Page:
Making linoleum from an old floor
from a 20-year-old floor
Currently, circularity has not yet been achieved on a large scale for floor coverings. Solutions are especially limited when the flooring is glued to the subfloor, which is the case for most of the resilient flooring in use today.
In 2021, a project was initiated with the Technical University of Delft to take back 13,000 m2 of old Marmoleum which had been installed in the Faculty of Electrical Engineering, Mathematics and Computer Science (EEMCS) for over 20 years. The challenge was to fully recycle these floors into brand new Marmoleum, a task which is quite uncommon in the world of linoleum.
Renovation is usually a matter of demolition and reconstruction, but the project for TU Delft required a more delicate approach. Both the subfloor and the floor covering needed to remain as intact as possible and contamination of the material had to be avoided. With a special floor stripper, the Marmoleum was removed quickly and meticulously.
The individual sheets of removed linoleum, which were thirty centimetres wide and two and a half millimetres thick, were rolled up and collected in wheeled containers.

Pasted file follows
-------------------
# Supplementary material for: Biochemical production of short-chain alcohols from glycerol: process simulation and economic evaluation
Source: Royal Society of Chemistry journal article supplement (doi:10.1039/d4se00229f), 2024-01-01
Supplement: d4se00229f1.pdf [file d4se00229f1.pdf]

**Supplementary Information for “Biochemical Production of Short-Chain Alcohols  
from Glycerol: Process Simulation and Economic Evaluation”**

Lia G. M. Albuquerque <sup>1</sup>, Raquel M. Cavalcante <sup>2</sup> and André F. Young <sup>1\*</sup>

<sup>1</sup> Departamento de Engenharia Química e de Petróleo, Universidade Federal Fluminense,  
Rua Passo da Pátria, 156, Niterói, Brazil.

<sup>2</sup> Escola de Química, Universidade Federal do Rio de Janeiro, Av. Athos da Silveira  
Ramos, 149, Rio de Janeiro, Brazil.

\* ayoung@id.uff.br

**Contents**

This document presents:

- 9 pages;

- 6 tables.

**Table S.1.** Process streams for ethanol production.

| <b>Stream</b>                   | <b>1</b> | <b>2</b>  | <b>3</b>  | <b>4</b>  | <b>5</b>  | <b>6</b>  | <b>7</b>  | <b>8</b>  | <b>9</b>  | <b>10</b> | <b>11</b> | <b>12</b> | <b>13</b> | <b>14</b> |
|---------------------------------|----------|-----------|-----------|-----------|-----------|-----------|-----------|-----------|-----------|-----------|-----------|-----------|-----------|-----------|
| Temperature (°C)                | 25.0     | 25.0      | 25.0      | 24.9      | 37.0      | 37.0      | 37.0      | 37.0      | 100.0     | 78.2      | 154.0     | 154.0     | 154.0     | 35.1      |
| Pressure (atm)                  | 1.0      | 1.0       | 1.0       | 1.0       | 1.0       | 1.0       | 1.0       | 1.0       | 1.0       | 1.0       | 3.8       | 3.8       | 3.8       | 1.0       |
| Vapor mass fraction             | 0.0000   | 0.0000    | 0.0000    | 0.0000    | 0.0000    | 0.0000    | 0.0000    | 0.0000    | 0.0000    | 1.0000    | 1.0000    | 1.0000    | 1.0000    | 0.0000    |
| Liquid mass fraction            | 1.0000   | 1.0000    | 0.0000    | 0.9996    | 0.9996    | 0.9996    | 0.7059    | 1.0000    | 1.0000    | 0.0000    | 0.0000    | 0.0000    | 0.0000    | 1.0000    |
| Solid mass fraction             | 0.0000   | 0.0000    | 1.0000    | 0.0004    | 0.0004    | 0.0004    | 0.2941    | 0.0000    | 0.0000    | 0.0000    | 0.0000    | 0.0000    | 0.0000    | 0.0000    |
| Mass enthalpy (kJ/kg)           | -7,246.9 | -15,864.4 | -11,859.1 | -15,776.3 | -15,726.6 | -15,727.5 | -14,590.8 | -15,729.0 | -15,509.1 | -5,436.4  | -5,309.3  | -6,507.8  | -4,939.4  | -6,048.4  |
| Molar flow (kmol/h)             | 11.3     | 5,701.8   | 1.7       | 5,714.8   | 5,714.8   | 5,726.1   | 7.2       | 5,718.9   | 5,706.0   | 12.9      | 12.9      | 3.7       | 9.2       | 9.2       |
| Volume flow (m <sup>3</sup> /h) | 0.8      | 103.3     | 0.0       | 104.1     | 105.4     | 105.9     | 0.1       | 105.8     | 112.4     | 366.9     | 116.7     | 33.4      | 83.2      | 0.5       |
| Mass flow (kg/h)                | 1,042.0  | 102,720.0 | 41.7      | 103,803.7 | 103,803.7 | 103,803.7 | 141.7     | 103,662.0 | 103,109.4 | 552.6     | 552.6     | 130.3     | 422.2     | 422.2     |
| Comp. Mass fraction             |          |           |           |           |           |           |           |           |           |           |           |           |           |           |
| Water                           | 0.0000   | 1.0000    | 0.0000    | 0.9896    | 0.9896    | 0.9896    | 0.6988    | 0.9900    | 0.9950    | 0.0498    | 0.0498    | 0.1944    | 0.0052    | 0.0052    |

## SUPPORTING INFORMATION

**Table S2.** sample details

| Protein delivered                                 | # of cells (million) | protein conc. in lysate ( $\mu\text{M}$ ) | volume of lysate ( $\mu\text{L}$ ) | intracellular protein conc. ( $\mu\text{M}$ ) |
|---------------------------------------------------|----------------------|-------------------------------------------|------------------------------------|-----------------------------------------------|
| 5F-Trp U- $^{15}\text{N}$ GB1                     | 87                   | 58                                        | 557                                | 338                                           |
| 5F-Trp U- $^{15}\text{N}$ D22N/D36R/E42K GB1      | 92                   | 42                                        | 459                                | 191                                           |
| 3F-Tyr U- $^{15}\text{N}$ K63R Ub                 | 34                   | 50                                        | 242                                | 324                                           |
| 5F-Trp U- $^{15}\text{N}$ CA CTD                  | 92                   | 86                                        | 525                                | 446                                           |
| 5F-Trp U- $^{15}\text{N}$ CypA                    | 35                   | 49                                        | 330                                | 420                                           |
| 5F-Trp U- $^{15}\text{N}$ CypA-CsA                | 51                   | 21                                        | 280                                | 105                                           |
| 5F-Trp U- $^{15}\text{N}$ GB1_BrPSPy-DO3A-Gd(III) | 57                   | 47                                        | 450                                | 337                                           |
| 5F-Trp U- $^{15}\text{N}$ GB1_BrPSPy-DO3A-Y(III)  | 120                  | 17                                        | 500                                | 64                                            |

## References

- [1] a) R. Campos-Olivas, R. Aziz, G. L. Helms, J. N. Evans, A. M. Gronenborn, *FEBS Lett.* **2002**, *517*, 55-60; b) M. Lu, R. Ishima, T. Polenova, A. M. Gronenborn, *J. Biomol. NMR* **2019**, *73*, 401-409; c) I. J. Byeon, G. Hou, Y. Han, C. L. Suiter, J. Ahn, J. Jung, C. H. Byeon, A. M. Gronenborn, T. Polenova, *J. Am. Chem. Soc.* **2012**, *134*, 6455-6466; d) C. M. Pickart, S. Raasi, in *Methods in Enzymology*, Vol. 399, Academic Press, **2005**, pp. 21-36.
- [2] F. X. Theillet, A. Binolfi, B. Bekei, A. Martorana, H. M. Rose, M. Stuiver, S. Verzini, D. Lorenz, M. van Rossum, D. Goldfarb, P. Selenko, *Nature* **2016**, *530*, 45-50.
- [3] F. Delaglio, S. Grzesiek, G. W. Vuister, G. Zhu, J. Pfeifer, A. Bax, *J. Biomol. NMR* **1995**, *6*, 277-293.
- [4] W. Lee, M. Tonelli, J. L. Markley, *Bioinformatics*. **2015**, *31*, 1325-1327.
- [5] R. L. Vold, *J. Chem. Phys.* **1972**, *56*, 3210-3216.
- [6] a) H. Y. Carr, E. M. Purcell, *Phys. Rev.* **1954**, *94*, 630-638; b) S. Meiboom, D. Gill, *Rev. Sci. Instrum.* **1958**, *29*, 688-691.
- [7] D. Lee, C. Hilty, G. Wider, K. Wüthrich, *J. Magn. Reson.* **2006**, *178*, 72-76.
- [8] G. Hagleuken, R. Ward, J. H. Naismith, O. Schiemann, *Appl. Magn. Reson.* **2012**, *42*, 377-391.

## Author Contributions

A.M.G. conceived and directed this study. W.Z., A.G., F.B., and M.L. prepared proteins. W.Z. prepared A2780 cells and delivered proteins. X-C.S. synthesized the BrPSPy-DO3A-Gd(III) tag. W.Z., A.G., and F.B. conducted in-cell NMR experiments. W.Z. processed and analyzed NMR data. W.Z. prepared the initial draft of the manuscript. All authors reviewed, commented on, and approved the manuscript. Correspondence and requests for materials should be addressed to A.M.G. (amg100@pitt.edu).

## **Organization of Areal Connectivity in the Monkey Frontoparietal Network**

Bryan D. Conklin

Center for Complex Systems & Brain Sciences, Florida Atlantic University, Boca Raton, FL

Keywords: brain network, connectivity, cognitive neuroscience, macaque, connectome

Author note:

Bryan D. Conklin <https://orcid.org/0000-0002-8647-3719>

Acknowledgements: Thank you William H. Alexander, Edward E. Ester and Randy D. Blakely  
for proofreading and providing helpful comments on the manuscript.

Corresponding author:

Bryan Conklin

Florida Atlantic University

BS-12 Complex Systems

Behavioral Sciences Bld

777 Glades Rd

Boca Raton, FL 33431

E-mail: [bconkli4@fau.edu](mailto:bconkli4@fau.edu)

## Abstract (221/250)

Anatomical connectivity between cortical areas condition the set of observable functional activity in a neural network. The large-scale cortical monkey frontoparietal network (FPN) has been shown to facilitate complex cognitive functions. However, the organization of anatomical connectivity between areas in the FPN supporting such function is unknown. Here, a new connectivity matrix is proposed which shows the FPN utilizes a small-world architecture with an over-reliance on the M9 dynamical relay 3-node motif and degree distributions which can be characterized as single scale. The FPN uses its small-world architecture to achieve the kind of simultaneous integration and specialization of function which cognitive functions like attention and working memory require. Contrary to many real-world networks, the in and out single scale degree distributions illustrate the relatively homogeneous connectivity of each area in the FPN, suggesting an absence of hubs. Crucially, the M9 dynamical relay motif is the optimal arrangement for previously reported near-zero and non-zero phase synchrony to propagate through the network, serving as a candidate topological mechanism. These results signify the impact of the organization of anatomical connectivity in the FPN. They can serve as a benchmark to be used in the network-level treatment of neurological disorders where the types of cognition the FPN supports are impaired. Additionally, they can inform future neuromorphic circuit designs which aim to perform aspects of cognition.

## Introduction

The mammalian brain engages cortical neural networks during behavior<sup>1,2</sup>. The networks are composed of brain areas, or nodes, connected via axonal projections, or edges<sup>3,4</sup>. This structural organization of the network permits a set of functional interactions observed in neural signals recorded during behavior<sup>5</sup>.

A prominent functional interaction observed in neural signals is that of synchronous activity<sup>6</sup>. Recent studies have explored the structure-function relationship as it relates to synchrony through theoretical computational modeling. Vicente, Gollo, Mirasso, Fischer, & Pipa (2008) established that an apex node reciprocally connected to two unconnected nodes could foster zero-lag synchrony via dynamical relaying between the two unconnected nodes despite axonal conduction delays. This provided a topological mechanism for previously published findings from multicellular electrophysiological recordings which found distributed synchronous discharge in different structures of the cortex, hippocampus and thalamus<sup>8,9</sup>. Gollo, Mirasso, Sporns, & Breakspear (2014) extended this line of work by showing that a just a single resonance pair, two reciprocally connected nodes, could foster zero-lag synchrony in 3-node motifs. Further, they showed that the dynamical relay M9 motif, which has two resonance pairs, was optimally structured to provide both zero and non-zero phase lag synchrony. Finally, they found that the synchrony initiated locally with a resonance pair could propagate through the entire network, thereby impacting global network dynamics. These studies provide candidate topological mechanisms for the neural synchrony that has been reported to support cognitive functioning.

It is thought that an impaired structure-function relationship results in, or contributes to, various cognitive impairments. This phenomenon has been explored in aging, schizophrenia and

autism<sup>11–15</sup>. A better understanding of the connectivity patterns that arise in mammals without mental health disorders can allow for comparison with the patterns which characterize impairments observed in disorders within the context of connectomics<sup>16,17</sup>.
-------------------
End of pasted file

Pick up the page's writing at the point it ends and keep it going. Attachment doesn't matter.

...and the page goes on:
Once removed from the building, the floor was cleaned to be free from glue and screed material, and was then scrapped and grinded. The purity of the material meant that the ashes could be used for the cement industry and about one third could be reused in new linoleum which, which was made up of almost 50% recycled content from the old floor.
Another part of the old linoleum was grinded into a powder and used by Dutch company CooLoo to produce soft seating for the faculty lounge areas, finished with a coating made from the old Marmoleum floors.
With more and more flooring being installed without adhesive, circular solutions will become easier in the future. But with or without adhesive, going fully circular for old floorings still requires a clean recycling flow, a good supply chain and a well-thought-out, environmentally-friendly production method.
The conditions will differ for each project and always need a thorough assessment, but trialling different methods means that we are steadily learning what it means to go fully circular.